A Length of Zanshi ori: Recycled Kasuri Warp Yarns
ca. early twentieth century
55" x 13 1/4", 139.5 cm x 33.5 cm
Zanshi ori is cloth that is woven from threads either leftover from home production of yarn making, or from broken threads that were purchased from local commercial weavers. Usually the weft is fed with these random threads while generally the warp is regulated producing an irregular horizontal 'striping'; if home threads are used, knotted slubs can often be seen.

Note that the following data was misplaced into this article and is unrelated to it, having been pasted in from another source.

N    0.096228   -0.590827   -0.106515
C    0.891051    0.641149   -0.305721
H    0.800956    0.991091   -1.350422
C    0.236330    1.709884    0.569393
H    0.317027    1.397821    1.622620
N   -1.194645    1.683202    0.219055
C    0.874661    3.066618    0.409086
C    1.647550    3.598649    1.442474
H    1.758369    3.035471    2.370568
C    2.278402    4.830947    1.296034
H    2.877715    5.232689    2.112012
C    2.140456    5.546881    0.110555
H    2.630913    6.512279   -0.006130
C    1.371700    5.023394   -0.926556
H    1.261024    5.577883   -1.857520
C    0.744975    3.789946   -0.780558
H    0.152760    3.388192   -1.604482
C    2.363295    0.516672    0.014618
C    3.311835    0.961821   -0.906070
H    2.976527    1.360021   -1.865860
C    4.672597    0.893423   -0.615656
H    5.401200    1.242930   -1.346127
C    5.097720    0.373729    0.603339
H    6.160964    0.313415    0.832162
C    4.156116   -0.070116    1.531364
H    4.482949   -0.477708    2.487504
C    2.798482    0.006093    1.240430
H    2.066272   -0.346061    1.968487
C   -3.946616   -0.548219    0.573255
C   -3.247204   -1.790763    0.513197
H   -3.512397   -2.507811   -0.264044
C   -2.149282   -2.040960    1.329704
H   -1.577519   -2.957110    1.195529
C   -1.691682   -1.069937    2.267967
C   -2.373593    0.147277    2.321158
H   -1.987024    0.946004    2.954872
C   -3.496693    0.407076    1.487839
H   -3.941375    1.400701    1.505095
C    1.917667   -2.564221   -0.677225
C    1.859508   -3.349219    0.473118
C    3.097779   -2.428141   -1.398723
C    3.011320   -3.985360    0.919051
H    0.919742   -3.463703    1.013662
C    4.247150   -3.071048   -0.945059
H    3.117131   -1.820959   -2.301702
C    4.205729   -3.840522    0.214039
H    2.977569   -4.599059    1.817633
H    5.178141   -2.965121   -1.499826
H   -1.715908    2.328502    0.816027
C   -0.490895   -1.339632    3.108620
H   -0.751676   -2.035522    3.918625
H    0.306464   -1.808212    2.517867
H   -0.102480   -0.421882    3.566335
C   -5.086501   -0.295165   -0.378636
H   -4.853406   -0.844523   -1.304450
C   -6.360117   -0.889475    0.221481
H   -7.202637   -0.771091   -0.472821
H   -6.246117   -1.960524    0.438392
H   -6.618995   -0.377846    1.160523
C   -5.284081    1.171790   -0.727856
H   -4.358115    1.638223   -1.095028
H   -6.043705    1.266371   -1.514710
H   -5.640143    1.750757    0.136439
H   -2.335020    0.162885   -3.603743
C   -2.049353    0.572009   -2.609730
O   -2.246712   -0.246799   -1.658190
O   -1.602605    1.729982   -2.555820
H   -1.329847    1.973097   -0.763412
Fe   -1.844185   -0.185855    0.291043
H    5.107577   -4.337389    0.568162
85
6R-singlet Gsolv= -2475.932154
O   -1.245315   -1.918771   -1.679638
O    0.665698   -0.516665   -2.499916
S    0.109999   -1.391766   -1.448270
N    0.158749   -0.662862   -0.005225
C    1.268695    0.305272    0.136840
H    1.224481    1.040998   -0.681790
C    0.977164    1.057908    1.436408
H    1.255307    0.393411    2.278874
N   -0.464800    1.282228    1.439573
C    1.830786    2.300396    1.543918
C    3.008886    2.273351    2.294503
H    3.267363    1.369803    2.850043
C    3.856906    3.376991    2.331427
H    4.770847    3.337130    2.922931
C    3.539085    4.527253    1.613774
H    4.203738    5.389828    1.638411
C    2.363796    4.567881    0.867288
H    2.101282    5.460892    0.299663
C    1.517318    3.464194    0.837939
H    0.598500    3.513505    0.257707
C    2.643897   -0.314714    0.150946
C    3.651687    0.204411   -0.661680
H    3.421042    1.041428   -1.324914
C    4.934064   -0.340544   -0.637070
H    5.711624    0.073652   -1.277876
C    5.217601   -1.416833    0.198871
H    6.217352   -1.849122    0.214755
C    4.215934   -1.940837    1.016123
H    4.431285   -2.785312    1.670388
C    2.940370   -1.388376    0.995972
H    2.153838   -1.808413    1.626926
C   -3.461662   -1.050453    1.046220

In the case of this length of hand loomed cotton, leftover yarns were used for both the warp (as seen on the top portion of the cloth) and for both warp and weft, the hand applied section at the very bottom of this length.
For the most part, leftover kasuri or ikat yarns were used to form aspects of the vertical striping. On the bottom portion of this length the same warp was used, however the weft was quite messy with leftover yarns, giving it a wonderfully blurred effect.
In good condition, this length of zanshi ori is quite exemplary of this type of weaving, and in color and design it is very appealing.